Eugene Bolkhovitinov

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Eugenius of Kiev

Yevgeny Bolkhovitinov (Евгений Болховитинов; 1767-1837) was the Orthodox Metropolitan of Kiev and Galicia from 1822. Best known as an antiquary and book collector, Bolkhovitinov came from a generation of learned Orthodox monks formed by the Russian Enlightenment.

The son of a Voronezh priest, Bolkhovitinov attended the Slavic Greek Latin Academy and the Moscow University. As a young man he made his living by translating French books for the Novikov printing house. After his wife died, Bolkhovitinov took the tonsure in 1800 and was made a bishop 4 years later.

While living in Novgorod between 1804 and 1808, he published the charter of Mstislav the Great and studied the crypt of the Yuriev Monastery. Though amateur, his archaeological and palaeographical work was highly regarded by a circle of antiquaries close to Count Nikolai Rumyantsev.[1] He also gained the friendship of poet Gavrila Derzhavin, who addressed to him a lengthy idyll, Life in Zvanka (one of the best known poems in the language).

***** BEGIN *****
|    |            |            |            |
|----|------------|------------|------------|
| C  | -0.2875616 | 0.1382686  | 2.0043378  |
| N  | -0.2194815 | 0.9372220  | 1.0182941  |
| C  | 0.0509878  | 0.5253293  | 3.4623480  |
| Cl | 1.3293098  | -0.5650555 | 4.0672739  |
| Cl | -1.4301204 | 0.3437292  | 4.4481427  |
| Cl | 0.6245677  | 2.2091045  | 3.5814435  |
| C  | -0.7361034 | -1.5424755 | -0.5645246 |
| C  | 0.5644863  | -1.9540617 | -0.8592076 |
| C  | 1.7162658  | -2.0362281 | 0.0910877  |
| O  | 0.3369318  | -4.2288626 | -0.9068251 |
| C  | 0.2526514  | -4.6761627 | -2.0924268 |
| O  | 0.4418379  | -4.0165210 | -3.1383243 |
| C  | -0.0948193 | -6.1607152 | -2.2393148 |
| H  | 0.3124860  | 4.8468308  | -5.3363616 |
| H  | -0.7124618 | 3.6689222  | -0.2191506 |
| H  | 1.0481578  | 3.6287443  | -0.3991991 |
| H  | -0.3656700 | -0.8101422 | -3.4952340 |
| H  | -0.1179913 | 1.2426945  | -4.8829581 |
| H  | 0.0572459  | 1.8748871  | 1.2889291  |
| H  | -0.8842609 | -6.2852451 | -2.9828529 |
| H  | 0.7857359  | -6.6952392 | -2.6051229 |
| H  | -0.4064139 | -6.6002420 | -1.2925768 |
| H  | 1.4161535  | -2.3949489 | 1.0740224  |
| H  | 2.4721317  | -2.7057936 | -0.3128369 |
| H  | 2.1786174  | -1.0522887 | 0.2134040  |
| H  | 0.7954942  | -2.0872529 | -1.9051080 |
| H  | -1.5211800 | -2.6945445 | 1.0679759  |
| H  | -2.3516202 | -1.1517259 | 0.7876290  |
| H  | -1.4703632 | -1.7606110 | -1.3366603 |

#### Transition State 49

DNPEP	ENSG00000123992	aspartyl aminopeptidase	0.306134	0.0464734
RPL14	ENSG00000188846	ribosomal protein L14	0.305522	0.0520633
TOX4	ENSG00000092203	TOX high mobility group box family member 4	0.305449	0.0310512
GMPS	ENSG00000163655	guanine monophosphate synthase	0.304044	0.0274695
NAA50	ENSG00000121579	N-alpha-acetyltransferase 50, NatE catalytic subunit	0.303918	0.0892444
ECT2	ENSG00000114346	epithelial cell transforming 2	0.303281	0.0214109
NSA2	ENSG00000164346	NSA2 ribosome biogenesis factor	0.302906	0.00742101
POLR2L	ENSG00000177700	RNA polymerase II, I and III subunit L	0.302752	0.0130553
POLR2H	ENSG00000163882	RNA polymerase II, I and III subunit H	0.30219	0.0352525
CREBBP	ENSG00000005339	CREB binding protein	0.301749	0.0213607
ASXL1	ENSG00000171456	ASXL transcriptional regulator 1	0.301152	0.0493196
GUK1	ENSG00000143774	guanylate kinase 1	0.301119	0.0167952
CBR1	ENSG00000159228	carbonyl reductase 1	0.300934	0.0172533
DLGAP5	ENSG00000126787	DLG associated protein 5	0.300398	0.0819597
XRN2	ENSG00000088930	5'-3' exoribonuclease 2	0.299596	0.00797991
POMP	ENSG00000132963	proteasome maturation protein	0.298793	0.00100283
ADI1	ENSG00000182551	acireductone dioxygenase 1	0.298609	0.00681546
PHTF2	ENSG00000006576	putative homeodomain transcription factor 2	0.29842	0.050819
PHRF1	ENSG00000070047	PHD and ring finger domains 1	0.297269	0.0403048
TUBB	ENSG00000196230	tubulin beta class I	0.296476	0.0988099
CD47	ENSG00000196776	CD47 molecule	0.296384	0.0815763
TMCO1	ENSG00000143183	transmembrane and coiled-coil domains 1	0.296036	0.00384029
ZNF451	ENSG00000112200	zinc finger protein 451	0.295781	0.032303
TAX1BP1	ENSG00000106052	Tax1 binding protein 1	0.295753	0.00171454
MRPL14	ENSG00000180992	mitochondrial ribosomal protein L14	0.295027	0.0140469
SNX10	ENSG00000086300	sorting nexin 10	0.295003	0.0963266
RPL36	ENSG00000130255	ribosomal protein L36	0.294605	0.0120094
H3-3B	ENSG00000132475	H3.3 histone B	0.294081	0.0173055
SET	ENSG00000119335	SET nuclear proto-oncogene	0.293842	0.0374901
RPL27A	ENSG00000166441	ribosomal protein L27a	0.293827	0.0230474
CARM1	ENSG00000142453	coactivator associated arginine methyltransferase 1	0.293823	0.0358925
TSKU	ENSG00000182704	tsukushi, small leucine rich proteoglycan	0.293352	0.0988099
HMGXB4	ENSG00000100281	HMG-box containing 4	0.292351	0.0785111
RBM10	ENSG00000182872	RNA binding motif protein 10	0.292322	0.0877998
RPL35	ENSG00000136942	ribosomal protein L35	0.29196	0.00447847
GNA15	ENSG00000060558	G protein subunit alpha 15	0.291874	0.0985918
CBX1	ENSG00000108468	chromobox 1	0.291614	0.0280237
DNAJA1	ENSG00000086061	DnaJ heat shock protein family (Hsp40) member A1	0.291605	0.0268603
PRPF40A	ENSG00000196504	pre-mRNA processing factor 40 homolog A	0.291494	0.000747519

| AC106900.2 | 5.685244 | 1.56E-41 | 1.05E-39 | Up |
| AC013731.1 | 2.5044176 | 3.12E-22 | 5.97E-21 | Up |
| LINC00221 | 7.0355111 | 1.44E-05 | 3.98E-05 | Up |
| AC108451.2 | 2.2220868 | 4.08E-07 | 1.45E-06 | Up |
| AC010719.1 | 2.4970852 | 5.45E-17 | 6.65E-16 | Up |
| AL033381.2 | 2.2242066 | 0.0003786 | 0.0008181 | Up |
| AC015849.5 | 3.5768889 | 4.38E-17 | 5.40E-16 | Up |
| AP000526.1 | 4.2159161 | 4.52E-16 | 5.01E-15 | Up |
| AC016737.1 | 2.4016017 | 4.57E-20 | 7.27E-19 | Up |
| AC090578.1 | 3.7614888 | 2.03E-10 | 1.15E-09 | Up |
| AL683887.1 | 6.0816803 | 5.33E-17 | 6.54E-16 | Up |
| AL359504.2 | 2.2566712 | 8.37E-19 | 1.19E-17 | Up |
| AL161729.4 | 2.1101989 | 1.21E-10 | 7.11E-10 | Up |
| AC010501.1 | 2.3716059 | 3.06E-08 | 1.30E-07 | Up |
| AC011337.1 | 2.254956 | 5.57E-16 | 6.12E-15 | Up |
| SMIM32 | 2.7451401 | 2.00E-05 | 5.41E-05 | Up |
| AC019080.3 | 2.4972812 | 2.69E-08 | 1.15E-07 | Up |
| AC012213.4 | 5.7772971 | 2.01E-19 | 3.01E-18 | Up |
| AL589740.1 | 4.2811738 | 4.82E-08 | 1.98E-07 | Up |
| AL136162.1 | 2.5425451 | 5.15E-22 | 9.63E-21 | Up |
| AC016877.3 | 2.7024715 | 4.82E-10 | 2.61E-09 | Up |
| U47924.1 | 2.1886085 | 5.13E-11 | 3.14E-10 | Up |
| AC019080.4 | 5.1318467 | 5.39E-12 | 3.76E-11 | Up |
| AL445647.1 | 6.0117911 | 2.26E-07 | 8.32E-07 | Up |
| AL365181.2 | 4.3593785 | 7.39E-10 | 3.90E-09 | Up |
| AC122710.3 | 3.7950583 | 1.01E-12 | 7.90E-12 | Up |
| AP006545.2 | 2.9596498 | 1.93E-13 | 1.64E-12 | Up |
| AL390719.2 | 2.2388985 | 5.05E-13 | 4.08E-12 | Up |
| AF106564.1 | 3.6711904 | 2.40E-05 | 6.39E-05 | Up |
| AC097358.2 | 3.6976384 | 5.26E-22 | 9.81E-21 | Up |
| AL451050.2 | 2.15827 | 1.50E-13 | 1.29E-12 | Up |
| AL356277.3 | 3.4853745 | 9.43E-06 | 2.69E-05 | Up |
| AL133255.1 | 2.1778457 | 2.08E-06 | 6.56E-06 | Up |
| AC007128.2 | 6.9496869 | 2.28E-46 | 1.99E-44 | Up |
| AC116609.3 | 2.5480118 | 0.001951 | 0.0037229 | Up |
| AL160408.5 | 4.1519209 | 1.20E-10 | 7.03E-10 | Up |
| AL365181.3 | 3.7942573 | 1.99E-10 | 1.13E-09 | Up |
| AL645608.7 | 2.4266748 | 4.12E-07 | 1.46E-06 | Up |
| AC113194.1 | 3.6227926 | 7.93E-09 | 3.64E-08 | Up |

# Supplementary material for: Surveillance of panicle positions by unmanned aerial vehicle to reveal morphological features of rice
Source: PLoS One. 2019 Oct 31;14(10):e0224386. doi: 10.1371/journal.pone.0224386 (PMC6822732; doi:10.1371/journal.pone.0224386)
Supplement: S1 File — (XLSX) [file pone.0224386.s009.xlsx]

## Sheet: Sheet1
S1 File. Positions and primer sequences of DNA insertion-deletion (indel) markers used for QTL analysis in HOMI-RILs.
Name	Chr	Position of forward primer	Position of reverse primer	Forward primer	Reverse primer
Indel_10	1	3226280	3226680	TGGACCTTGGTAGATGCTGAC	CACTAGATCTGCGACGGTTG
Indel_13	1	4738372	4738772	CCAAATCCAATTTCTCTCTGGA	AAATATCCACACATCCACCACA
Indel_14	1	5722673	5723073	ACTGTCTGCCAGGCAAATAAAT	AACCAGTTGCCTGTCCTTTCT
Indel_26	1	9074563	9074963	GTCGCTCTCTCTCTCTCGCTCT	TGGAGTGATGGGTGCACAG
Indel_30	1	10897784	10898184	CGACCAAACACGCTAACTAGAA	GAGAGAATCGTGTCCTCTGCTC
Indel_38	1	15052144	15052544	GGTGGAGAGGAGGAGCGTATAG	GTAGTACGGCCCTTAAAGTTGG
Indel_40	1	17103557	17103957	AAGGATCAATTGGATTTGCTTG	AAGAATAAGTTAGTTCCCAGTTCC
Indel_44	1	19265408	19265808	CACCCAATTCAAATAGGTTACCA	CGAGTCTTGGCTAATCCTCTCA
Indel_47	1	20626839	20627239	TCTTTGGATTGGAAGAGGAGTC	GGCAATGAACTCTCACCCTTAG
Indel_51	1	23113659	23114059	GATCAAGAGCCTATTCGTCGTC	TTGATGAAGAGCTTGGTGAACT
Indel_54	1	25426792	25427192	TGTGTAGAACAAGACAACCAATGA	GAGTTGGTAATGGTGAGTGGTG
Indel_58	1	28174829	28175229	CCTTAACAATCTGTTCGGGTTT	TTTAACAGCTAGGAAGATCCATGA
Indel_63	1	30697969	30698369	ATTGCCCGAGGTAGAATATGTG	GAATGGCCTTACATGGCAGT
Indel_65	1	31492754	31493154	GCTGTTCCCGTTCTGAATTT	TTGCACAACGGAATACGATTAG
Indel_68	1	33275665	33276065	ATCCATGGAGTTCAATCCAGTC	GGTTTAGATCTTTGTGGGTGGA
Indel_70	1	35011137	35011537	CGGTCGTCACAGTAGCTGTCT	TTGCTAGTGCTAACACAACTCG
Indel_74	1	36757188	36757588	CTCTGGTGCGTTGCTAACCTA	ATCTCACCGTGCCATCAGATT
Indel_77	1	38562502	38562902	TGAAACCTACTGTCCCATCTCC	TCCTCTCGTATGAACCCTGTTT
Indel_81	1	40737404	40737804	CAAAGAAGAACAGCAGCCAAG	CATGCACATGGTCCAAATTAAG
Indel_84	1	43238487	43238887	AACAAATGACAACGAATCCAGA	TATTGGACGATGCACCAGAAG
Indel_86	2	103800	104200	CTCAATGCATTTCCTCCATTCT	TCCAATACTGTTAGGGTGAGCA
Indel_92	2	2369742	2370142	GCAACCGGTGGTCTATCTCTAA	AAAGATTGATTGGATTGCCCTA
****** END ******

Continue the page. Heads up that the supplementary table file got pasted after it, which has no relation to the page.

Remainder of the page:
After arriving in Kiev in 1822, Bolkhovitinov resumed his scholarly pursuits. He was responsible for the excavations of the long-demolished Golden Gate and the Church of the Tithes.[2] He assembled a large collection of manuscripts, developed an interest in the history of church music, and compiled the first comprehensive guide to Russian secular writers.

During the Decembrist Revolt he went to Senate Square and urged the rebels to lay down arms.[1] He was buried in the Saint Sophia Cathedral in Kiev.

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